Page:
International Women’s Day: A Brief History

International Women's Day logoDuring the aftermath of the Industrial Revolution, causes for gender equality were being raised by men and women throughout the world. In 1909, under the helm of the Socialist Party of America, the first National Women’s Day was celebrated in the United States on February 28th. In 1910, at the International Conference of Working Women in Copenhagen, influential German socialist politician Clara Zetkin proposed that a day be set aside in every country where women can organize and advocate for their demands for social equality. The following year, Austria, Denmark, Germany and Switzerland celebrated International Women’s Day on March 19th, 1911. About 1 million men and women attended rallies in those countries and others to advocate for equal rights and pay.

Tragedy struck women workers that same year with the Triangle Fire in New York City, where over 140 immigrant workers died in a factory fire, most of them trapped inside the building because the managers had locked all the exits and stairwells during working hours. The incident become a rallying point to highlight deplorable factory conditions and advocate for better labor laws at future IWD celebrations. In Lawrence, MA, the women textile workers also went on a strike that would later be named  “Bread and Roses” after the signs some women held that read, “We want bread but we want roses too!”  Inspired by those female workers, James Oppenheim wrote the famous poem of the same name, which was later adapted into a song that suffragists and feminists everywhere took up as their theme.

As we go marching, marching, in the beauty of the day,
A million darkened kitchens, a thousand mill lofts gray,
Are touched with all the radiance that a sudden sun discloses,
For the people hear us singing: Bread and Roses! Bread and Roses!

As we go marching, marching, we battle too for men,
For they are women’s children, and we mother them again.
Our lives shall not be sweated from birth until life closes;
Hearts starve as well as bodies; give us bread, but give us roses.

As we go marching, marching, unnumbered women dead
Go crying through our singing their ancient call for bread.
Small art and love and beauty their drudging spirits knew.
Yes, it is bread we fight for, but we fight for roses too.

As we go marching, marching, we bring the greater days,
The rising of the women means the rising of the race.
No more the drudge and idler, ten that toil where one reposes,
But a sharing of life’s glories: Bread and roses, bread and roses.
Our lives shall not be sweated from birth until life closes;
Hearts starve as well as bodies; bread and roses, bread and roses.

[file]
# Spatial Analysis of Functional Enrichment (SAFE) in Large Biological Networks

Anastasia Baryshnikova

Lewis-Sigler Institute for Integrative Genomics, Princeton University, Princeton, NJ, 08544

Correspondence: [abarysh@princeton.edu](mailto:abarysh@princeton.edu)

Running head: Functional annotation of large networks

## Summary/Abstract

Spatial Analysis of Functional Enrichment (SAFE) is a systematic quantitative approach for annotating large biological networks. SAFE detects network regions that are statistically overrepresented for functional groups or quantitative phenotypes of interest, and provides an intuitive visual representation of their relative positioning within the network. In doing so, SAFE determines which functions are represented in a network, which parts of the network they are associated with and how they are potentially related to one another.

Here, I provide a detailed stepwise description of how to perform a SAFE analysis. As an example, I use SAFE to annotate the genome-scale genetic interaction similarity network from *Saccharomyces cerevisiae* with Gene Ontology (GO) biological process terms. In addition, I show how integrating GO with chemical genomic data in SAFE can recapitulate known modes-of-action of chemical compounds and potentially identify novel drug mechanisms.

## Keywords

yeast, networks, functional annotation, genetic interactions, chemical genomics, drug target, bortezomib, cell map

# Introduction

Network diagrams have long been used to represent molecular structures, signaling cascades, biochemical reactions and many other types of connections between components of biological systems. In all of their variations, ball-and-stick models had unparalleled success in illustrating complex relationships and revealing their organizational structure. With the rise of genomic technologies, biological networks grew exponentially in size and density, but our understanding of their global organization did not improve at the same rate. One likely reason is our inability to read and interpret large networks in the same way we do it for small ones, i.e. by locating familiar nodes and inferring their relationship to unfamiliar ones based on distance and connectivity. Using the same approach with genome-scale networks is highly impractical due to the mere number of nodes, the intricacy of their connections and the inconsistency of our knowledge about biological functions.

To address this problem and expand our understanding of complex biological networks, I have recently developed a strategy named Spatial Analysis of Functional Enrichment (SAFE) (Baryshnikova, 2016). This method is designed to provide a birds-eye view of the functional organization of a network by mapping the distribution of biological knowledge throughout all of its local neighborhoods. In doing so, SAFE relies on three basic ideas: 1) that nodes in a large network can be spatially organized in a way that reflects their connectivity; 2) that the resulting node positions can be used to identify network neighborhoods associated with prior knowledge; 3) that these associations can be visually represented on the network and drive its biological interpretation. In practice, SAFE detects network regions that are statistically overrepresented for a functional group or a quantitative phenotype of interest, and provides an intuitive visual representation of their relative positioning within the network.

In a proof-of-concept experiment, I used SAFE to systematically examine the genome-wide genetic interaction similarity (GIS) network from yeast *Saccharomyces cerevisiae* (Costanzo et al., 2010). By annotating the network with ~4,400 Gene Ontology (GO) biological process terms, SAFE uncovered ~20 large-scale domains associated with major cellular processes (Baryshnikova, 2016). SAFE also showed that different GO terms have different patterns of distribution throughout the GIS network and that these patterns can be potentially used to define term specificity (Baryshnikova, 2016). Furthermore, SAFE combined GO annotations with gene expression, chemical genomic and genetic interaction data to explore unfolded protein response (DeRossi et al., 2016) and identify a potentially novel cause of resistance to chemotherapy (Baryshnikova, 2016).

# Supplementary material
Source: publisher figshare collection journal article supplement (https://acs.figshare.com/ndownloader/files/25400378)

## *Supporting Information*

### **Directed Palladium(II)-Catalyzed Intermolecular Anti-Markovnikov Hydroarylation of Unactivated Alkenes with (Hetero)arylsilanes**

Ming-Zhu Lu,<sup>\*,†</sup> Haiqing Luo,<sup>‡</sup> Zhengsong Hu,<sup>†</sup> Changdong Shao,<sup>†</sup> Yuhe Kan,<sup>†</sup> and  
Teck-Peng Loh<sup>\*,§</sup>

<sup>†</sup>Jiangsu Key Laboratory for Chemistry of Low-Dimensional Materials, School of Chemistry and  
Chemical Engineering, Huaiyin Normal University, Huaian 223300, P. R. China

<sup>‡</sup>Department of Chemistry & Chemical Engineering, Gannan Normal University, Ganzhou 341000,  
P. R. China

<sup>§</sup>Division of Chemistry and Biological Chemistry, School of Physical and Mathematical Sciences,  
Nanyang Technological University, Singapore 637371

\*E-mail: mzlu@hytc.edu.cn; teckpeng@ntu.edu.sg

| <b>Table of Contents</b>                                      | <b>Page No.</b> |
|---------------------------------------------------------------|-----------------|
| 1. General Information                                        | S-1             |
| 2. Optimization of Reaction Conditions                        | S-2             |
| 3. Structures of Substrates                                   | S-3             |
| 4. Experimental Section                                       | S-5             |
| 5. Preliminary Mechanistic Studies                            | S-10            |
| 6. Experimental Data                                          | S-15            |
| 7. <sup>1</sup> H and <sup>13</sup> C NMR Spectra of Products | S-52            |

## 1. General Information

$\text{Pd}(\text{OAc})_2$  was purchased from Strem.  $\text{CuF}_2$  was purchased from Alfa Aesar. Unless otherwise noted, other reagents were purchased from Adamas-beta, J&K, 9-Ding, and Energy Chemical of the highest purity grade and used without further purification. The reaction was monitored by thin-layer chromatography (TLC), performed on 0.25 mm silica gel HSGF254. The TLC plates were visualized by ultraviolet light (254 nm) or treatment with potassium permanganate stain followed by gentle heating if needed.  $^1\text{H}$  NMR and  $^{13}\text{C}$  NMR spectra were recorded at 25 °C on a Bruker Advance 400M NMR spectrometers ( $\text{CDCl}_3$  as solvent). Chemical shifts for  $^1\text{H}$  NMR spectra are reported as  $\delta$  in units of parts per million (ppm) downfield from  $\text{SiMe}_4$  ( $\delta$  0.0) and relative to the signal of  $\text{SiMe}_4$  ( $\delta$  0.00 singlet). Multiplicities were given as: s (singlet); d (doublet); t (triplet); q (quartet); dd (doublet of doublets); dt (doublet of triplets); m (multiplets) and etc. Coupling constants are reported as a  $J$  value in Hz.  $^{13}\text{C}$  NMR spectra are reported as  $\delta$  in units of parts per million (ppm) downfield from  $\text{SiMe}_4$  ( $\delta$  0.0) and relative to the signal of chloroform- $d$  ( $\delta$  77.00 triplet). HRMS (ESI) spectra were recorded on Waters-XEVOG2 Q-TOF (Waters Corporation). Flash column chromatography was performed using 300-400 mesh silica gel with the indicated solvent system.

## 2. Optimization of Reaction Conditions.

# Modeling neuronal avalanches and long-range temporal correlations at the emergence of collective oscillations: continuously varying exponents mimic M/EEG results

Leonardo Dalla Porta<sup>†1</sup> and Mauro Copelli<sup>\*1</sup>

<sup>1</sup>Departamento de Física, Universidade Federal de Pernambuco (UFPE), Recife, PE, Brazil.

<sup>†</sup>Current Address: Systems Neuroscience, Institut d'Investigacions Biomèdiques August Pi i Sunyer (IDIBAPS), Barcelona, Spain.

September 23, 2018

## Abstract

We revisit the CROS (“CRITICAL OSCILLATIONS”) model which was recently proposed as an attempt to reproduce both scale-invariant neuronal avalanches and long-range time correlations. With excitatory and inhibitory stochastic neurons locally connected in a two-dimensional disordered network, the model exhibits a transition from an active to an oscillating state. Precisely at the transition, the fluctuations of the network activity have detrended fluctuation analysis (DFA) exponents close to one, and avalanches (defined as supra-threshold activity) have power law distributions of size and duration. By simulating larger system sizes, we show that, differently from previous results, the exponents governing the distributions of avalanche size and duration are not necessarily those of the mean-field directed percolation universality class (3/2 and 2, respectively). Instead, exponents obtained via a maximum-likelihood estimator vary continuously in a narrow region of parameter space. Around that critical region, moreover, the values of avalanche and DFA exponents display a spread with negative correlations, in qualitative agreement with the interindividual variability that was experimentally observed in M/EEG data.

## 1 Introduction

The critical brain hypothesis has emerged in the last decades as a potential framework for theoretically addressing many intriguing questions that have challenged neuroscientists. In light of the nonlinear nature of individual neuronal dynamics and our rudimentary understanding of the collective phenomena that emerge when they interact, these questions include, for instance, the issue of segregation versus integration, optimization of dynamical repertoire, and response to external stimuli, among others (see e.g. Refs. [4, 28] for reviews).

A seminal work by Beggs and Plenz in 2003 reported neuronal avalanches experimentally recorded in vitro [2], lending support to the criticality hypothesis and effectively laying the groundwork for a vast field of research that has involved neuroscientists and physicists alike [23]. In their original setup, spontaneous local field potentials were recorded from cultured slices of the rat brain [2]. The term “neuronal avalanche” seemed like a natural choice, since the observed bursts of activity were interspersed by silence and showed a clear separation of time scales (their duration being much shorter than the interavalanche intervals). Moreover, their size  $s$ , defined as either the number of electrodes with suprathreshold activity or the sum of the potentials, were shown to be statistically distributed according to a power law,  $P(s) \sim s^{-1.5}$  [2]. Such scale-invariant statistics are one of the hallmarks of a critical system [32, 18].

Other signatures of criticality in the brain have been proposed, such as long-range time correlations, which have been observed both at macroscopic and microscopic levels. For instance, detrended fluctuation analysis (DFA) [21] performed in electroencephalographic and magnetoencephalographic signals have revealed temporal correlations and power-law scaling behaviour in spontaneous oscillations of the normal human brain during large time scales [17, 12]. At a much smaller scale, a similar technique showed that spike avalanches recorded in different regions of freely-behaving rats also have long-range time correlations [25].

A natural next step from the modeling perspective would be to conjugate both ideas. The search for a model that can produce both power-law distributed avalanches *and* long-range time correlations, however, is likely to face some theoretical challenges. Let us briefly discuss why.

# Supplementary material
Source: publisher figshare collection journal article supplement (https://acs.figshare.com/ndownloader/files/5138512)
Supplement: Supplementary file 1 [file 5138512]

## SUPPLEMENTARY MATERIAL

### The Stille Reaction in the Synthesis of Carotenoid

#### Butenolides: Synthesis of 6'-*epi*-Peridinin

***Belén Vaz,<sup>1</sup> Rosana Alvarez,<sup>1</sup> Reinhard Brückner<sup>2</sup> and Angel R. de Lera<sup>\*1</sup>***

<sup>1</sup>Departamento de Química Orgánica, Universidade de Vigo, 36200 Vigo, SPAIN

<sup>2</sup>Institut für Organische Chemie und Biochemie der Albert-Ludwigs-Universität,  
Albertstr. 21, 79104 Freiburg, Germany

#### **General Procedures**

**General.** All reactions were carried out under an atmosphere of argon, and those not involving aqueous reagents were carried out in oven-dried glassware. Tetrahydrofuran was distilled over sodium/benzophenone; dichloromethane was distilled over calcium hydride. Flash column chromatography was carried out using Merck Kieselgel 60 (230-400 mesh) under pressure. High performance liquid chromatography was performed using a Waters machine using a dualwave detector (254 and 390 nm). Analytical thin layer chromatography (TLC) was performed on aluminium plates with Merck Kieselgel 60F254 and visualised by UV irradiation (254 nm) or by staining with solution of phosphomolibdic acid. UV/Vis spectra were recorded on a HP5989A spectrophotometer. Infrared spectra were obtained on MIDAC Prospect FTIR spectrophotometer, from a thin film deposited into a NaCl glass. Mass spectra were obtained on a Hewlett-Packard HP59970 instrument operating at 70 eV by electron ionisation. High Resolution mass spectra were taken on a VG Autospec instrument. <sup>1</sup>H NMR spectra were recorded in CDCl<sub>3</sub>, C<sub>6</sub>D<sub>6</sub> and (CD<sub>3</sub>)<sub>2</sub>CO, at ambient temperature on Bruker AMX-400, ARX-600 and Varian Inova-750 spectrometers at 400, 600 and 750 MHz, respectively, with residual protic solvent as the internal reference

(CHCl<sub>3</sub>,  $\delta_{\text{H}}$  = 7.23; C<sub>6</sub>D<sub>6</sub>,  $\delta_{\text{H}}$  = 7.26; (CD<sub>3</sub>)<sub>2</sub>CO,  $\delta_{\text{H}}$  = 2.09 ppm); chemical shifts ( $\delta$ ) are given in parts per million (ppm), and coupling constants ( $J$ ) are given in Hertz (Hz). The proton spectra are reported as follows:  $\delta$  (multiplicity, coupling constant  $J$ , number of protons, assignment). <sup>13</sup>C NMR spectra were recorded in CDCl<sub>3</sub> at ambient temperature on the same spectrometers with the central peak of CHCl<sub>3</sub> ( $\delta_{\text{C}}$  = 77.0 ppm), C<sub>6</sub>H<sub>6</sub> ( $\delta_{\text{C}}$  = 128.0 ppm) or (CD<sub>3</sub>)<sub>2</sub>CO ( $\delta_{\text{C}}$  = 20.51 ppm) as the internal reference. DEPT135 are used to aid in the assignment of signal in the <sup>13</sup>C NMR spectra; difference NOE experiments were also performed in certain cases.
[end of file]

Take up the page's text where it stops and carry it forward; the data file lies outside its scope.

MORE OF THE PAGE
~”Bread & Roses”, based on the poem by James Oppenheim

Russian women observed their first International Women’s Day in February 1913 on the eve of World War I and spoke out against the fighting at their rallies. Moreover, they decided to move future celebrations to March 8th. During the holiday’s early years, activists also held anti-war protests as the fighting raged across Europe.

Today, International Women’s Day is celebrated throughout the world as an official holiday in Afghanistan, Armenia, Azerbaijan, Belarus, Burkina Faso, Cambodia, China (for women only), Cuba, Georgia, Guinea-Bissau, Eritrea, Kazakhstan, Kyrgyzstan, Laos, Madagascar (for women only), Moldova, Mongolia, Montenegro, Nepal (for women only), Russia, Tajikistan, Turkmenistan, Uganda, Ukraine, Uzbekistan, Vietnam and Zambia.

The holiday has expanded both in scope and in range as well, to celebrate women’s accomplishments as well as to advocate for current causes. This year to honor the centennial of International Women’s Day, Reuters created a slideshow to highlight the positive changes for women that has occurred in recent years: Women Living in Extraordinary Times.

You can find much more information about this holiday at their official website.  Also, check out this short documentary  that was commissioned by UN Women Australia.

And to end with an alt history slant, the organization Women Moving Millions created a video based on a question US suffragist Matilda Joslyn Gage asked back in 1880: “Why aren’t women of means funding our causes?” If women had, history could’ve changed greatly, and today people are working toward the goal that Gage had envisioned over a hundred years ago:

Women Moving Millions
Women’s Funding Network


Filed under History, Linkspams

4 responses to “International Women’s Day: A Brief History

  1. Pingback: International Women’s Day « Pippa Alice

  2. Pingback: Steampunk News » Happy Mardi Gras!

  3. Dr. Mridula Devi

    We the women, the wife, the mother do hereby solemnly affirm on the eve of women s day that we struggle, we conquer the world forever and never loose our temperament to do our work as think fit for us and enlighten our candle of knowledge for future generation

    • Laz

      You only conquer the wold if you leave and abandon the confined life of your kitchen, women must stand up and raise their hands and head to see beyond the horizon.